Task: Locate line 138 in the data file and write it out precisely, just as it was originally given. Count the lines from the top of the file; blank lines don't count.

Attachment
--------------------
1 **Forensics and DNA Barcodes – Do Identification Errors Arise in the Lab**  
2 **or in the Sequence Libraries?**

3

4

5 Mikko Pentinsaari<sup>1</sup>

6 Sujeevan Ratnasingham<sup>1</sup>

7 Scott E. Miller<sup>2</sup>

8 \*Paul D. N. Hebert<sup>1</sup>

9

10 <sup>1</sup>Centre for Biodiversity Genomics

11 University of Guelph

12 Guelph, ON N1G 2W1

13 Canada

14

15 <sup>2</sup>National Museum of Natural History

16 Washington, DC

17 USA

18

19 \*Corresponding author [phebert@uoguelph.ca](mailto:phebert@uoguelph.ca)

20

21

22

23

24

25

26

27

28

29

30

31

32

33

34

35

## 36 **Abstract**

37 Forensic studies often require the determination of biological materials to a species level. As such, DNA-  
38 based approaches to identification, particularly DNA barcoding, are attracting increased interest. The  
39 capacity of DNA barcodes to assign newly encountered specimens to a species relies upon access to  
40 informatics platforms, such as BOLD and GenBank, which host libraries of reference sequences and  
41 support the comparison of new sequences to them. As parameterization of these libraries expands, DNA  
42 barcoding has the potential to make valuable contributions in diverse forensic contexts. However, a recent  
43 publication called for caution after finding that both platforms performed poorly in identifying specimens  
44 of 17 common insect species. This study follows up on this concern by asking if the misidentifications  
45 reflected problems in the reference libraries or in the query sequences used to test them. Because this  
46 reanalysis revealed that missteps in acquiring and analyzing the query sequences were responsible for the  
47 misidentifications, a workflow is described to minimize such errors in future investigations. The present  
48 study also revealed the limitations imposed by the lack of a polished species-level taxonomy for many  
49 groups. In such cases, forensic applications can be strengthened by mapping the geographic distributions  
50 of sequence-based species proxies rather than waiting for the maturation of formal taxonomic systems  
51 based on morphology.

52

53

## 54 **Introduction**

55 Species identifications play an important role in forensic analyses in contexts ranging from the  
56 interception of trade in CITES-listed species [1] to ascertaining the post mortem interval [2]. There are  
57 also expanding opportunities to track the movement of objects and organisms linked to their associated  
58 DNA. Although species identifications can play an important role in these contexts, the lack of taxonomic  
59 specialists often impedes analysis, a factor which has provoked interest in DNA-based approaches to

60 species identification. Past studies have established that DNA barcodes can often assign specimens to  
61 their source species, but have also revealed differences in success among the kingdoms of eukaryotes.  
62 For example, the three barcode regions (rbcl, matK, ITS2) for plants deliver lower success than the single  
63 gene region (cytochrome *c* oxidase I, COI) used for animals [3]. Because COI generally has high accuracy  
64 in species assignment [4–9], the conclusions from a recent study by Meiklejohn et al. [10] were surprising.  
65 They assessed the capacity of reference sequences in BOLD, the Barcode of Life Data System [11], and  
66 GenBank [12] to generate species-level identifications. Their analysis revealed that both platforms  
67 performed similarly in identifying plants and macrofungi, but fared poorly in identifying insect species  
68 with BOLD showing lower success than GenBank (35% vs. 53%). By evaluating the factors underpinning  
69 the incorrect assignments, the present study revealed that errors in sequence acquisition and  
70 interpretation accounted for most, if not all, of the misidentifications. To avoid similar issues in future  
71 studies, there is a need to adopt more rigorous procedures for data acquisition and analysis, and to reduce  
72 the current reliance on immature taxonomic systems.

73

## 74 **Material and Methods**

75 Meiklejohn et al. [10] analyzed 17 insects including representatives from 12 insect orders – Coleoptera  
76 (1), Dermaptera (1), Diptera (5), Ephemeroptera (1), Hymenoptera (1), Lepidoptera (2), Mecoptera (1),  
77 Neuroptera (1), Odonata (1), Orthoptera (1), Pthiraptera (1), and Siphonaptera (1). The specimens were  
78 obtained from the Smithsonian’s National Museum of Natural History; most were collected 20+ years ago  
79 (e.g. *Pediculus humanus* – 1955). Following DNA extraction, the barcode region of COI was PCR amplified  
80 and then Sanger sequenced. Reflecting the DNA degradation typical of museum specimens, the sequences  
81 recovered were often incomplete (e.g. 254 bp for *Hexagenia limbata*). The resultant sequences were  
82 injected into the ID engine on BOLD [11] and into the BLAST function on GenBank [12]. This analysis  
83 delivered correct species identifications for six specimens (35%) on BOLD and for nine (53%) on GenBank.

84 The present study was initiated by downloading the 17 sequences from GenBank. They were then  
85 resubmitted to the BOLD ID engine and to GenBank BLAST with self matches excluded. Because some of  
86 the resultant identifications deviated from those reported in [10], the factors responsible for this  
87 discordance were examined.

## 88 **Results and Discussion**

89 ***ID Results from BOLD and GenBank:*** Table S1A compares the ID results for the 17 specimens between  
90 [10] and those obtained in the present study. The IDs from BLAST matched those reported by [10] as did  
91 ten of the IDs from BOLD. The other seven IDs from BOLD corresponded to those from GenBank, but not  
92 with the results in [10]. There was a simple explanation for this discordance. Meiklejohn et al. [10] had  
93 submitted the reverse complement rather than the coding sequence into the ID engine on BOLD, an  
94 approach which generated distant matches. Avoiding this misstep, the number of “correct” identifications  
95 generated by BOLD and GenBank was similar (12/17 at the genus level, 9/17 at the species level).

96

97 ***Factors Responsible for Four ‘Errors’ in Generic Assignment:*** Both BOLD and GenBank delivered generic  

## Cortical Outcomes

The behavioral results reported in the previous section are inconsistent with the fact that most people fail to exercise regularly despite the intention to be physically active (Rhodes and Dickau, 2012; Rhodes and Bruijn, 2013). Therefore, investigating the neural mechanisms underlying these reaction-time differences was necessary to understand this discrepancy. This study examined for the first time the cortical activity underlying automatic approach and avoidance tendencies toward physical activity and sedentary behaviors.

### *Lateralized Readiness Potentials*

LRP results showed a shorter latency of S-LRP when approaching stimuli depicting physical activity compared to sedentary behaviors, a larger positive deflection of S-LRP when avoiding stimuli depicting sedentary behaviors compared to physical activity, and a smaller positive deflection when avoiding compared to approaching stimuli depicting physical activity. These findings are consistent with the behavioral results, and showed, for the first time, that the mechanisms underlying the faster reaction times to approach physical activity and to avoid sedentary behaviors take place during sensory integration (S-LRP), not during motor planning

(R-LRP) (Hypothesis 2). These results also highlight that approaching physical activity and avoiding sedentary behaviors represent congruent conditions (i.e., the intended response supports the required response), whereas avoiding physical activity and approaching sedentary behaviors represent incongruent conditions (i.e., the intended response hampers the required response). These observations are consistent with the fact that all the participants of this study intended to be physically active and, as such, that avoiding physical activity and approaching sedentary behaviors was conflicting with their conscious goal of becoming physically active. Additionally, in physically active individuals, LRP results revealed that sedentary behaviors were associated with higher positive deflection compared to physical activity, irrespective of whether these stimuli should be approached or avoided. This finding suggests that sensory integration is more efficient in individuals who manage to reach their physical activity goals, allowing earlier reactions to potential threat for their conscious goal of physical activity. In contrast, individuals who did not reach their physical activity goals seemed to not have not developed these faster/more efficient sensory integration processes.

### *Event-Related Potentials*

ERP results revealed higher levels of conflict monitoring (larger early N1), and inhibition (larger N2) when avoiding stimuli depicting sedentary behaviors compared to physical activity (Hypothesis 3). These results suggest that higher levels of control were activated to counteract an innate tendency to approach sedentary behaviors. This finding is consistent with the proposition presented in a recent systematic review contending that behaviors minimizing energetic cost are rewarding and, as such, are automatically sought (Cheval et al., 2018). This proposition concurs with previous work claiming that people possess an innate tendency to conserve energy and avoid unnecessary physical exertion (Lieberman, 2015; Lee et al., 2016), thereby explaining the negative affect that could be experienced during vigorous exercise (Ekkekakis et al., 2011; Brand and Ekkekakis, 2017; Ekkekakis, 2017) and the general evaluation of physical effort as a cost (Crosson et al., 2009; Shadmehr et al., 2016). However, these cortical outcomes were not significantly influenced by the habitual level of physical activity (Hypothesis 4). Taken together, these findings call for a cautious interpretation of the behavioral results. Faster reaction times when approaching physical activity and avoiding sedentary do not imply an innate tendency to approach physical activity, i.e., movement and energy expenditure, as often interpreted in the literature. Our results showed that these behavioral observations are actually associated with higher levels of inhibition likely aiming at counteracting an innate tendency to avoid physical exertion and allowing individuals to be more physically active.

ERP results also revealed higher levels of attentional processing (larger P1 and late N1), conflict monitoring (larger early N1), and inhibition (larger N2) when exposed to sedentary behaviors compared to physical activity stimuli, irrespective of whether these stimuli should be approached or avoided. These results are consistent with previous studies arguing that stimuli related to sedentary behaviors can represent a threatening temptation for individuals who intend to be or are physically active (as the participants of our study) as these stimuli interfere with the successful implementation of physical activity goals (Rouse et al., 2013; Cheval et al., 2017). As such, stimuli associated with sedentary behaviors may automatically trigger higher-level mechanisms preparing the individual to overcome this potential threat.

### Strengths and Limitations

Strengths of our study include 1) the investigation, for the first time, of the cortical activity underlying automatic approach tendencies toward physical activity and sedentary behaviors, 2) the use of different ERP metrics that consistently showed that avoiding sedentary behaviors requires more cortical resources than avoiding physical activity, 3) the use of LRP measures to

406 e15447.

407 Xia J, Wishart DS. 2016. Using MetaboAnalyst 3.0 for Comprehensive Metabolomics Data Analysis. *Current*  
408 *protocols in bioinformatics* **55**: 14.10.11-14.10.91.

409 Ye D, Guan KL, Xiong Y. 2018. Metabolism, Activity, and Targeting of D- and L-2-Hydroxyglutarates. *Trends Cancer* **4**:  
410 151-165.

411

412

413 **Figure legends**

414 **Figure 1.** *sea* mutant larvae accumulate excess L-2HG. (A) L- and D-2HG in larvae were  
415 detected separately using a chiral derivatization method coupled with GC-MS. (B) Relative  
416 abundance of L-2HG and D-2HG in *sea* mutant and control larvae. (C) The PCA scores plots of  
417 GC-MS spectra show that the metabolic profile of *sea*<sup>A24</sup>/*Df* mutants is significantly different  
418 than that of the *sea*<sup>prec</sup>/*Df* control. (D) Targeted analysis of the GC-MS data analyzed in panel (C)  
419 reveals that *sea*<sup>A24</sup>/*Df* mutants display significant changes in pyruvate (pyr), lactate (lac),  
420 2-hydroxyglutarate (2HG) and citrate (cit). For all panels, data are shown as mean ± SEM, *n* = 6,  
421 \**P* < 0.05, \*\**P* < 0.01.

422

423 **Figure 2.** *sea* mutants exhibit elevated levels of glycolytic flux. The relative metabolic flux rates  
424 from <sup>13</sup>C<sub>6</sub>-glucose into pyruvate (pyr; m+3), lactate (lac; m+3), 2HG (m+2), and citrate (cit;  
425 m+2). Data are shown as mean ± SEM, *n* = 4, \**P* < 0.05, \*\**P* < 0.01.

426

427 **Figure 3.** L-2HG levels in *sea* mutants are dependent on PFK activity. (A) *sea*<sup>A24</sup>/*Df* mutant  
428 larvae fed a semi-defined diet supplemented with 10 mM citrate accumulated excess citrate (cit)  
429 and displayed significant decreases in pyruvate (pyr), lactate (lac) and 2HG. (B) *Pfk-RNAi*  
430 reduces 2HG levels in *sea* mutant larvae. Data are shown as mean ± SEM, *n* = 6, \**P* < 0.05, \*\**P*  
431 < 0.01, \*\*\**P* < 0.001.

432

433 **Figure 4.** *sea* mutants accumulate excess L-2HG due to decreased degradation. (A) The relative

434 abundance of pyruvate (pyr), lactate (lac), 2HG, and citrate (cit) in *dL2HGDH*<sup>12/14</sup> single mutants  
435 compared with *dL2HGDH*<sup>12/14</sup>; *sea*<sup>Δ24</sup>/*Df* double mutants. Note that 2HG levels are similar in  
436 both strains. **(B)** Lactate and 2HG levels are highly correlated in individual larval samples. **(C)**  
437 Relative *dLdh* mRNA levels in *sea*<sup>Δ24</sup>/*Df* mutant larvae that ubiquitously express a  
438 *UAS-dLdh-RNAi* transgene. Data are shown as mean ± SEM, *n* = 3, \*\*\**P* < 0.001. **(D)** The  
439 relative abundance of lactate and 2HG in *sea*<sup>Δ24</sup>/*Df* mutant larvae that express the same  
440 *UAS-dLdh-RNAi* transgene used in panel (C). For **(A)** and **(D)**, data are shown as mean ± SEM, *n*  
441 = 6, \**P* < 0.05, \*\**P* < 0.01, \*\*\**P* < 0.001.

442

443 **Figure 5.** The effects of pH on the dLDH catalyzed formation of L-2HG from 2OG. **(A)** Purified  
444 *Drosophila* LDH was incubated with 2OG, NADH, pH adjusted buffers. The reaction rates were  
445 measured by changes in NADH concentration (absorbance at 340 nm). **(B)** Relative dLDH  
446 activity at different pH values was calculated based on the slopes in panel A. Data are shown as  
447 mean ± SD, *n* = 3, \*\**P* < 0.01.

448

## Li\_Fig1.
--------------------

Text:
436 both strains. **(B)** Lactate and 2HG levels are highly correlated in individual larval samples. **(C)**  